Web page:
Historical Perspectives On Contemporary Issues

Rena Selya — Salvador Luria: An Immigrant Biologist in Cold War America

In this episode, we speak with Rena Selya, archivist, Research Assistant Professor and Associate Director of the Program in the History of Medicine at Cedars-Sinai Medical Center. Rena is the author of Salvador Luria: An Immigrant Biologist in Cold War America.

Blacklisted from federal funding review panels but awarded a Nobel Prize for his research on bacteriophage, biologist Salvador Luria (1912–1991) was as much an activist as a scientist. In this first full-length biography of Luria, Rena Selya draws on extensive archival research; interviews with Luria's family, colleagues, and students; and FBI documents obtained through the Freedom of Information Act to create a compelling portrait of a man committed to both science and society.

In addition to his work with viruses and bacteria in the 1940s, Luria broke new ground in molecular biology and cancer research from the 1950s to the 1980s and was a leader in calling for scientists to accept an educational and advisory responsibility to the public. In return, he believed, the public should rely on science to strengthen social and political institutions.

Luria was born in Italy, where the Fascists came to power when he was ten. He left Italy for France due to the antisemetic Race Laws of 1938, and then fled as a Jewish refugee from Nazi Europe, making his way to the United States. Once an American citizen, Luria became a grassroots activist on behalf of civil rights, labor representation, nuclear disarmament, and American military disengagement from the Vietnam and Gulf Wars. Luria joined the MIT faculty in 1960 and was the founding director of the Center for Cancer Research. Throughout his life he remained as passionate about his engagement with political issues as about his science, and continued to fight for peace and freedom until his death.

Recorded on November 22, 2023.

Closed captioning available on YouTube.

Insights from the Collections
The Consortium's collections provide many opportunities to learn more about the history of biology and politics. See the Consortium search hub to find more.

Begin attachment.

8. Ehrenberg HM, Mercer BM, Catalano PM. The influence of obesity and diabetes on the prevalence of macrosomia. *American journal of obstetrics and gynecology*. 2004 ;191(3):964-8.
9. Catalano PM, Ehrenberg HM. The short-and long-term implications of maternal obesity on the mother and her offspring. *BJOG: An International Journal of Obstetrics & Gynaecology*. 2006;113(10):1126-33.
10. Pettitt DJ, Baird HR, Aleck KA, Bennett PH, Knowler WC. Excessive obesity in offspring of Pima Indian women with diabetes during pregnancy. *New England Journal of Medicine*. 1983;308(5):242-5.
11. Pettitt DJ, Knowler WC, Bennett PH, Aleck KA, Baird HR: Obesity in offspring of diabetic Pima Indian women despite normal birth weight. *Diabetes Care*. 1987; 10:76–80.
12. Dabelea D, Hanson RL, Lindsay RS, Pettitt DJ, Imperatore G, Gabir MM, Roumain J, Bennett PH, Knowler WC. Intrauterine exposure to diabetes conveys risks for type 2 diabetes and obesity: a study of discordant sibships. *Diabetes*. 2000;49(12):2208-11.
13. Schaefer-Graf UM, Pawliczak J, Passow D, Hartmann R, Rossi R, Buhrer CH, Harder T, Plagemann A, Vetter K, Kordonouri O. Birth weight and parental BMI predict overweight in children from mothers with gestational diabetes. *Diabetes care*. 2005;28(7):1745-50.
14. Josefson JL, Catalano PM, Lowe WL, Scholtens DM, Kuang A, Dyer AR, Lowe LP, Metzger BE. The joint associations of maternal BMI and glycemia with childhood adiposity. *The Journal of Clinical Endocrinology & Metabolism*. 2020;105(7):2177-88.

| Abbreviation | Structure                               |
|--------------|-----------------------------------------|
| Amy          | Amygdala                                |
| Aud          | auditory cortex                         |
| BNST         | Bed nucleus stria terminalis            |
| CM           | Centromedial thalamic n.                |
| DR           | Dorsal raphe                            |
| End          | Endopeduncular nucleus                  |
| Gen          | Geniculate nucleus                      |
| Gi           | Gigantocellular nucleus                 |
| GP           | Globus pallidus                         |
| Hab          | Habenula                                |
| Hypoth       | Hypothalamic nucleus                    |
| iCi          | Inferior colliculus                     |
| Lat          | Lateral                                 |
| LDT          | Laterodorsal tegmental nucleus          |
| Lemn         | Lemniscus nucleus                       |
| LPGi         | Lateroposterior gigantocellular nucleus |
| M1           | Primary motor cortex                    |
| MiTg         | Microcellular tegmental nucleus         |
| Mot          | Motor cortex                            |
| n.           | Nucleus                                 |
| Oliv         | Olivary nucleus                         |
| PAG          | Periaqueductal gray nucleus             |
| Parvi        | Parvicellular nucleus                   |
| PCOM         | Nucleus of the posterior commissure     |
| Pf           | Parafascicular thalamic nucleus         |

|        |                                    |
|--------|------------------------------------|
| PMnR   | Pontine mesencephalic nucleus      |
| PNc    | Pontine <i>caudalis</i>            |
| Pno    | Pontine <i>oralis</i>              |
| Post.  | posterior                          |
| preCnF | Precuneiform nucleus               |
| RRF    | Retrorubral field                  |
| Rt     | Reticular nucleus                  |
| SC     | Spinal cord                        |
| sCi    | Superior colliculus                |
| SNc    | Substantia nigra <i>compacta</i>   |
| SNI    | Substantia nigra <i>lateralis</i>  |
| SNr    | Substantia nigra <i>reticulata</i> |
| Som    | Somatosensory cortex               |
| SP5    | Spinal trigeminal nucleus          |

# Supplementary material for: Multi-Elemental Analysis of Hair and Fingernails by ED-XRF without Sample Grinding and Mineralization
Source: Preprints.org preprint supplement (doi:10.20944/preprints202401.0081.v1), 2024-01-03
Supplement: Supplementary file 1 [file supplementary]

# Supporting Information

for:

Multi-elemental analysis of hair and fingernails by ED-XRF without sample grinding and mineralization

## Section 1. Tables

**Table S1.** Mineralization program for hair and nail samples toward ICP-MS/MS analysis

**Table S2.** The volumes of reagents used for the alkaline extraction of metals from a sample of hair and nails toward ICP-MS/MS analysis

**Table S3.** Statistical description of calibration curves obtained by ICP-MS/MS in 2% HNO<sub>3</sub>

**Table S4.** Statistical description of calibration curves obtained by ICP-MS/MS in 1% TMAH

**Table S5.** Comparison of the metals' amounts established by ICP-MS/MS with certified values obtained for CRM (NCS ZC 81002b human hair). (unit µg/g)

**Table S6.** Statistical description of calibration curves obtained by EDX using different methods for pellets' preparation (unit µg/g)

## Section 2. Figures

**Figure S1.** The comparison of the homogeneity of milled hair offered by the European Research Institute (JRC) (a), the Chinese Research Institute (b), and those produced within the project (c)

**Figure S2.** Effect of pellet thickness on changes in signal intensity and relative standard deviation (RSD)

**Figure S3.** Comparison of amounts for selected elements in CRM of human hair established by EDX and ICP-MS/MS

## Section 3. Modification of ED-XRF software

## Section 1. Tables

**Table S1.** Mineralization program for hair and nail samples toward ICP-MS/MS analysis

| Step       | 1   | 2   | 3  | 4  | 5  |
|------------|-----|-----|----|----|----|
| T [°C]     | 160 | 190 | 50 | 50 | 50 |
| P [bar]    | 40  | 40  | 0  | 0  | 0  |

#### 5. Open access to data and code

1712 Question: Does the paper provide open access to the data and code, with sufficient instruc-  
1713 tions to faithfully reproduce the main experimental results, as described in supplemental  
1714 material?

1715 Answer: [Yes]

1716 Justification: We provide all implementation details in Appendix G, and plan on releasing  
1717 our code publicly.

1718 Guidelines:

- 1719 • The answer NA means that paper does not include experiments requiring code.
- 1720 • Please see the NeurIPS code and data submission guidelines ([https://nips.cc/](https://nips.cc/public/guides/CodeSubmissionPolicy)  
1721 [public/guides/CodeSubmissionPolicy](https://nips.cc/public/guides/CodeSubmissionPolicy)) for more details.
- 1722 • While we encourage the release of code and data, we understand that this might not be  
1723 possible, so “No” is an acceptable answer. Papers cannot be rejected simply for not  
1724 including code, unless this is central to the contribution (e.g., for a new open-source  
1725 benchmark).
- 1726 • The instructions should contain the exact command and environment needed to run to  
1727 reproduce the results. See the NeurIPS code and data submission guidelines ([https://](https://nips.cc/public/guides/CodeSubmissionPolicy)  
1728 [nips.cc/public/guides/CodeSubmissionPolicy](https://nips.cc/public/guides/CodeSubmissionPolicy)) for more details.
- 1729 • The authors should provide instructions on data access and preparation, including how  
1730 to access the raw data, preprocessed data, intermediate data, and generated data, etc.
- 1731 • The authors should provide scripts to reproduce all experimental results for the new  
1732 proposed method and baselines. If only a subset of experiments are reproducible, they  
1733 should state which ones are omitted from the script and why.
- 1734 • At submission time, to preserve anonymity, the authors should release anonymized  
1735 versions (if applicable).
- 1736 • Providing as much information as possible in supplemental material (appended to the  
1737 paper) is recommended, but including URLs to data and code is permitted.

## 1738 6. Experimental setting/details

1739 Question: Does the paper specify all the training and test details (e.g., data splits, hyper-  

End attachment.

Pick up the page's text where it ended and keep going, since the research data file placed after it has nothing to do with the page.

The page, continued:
Materials related to this topic include:
Carnegie Institute of Washington Papers, Cold Spring Harbor Laboratory
Max Delbrück Papers, California Institute of Technology
Genetics Society of America Papers, American Philosophical Society
Irwin G Gunsalus Papers, University of Illinois Urbana-Champaign
David D. Henry Papers, University of Illinois Urbana-Champaign
James R. Killian Papers, Massachusetts Institute of Technology
Salvador E. Luria Papers, American Philosophical Society
Salvador E. Luria Publicity File, Massachusetts Institute of Technology
Everett I. Mendelsohn Papers, Harvard University
Lloyd Morey Presidential Papers, University of Illinois Urbana-Champaign
Recombinant DNA Controversy History Collection, Massachusetts Institute of Technology
George G. Stoddard Presidential Papers, University of Illinois Urbana-Champaign
Julius A. Stratton Papers, Massachusetts Institute of Technology
James D. Watson Papers, Cold Spring Harbor Laboratory
Join a related Working Group for monthly discussions:
Applied Medical History
Objects, Images, and Spaces of Health
See also work from our fellows:
Terry M. Christensen, John Archibald Wheeler: A Study in the Pedagogy, Philosophy, and Politics of 20th Century Physics
Nayanika Ghosh, Genes and Gender: Sociobiology and the Emergence of a Political Critique of Science
Phillip Honenberger, The Philosophy of Biology in North America, 1959-2009: Disciplinary Symbioses, Constitutive Tensions, and Branching Lineages
Joseph Martin, Industrial Patronage and the Cold War University
Emily Merchant, Molecular Eugenics